Self-inflicted wounds – whether in the form of poor domestic governance, decrepit infrastructure, a hostile business climate, and the absence of a unified national market – continue to hobble India’s ambitions in Asia and on the larger world stage. Prime Minister Narendra Modi’s forthcoming budget offers a good chance to make some progress here. But New Delhi is also held back by its tumultuous neighborhood and, as recent events demonstrate, the prospects for headway on this front are far less promising. This, in turn, creates a striking paradox: India yearns for a place in the first ranks of world power – Mr. Modi proclaims that he wants “to make the 21st century India’s century” – and yet it remains unable to purposefully shape events in its immediate environs.
The most prominent case in point is the long-running India-Pakistan rivalry, which saps precious Indian resources (including the armed forces) and diverts the energy of those leaders who prefer to look to bigger arenas. As a consequence, India has missed out on the important economic gains that would accrue if normal trade ties were allowed to take hold between South Asia’s largest economies. According to a slew of recent studies (good examples here, here and here), a more liberalized trade regime would increase bilateral exchange as much as 20 times above current figures, along with boosting general prosperity in both countries. A 2012 report by the Confederation of Indian Industry, for instance, found that cross-border trade could easily quadruple in just a few years if both governments moved to increase economic linkages.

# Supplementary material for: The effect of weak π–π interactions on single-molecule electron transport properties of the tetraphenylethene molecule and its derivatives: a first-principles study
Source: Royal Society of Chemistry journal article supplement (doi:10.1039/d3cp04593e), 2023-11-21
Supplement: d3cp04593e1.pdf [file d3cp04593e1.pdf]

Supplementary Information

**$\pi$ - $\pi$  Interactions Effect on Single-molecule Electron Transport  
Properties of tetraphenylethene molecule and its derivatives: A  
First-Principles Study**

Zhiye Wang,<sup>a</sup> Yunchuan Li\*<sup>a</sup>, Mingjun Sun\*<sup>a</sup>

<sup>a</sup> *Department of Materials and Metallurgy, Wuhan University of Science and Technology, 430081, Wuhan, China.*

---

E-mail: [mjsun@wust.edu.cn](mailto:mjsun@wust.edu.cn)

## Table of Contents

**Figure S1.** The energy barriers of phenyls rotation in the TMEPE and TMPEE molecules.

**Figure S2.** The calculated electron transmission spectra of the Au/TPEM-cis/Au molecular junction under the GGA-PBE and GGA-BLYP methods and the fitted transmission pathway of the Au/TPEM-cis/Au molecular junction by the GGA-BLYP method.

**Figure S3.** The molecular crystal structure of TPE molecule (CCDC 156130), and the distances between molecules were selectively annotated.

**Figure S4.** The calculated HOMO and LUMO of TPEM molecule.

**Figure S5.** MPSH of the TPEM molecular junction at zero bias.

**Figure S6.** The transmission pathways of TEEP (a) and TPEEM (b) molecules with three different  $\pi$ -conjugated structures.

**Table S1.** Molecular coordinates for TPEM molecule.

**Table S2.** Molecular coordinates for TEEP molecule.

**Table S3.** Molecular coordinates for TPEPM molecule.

The vexatious relationship between New Delhi and Islamabad also means that, despite the common civilizational and historical links permeating South Asia, India has been unable to integrate the region in the same way that China has economically stitched together the much more culturally diverse and geographically disperse East Asian area. Indeed, South Asian remains one of the world’s least integrated areas, with intra-regional trade amounting to less than two percent of aggregate GDP compared to over 20 percent in East Asia. Likewise, Indian access to the markets and valuable energy resources in Central Asia are blocked by Pakistan, creating a geopolitical and economic opening that China is quickly filling (here and here).
As Islamabad’s obstructionism at a regional summit last November illustrates, New Delhi’s efforts at promoting cross-border economic cooperation via the South Asian Association for Regional Cooperation (SAARC) – a forum largely created by India – remain blocked. In fact, Beijing rather than New Delhi has a more powerful claim to being the engine of South Asian economic integration (see here and here).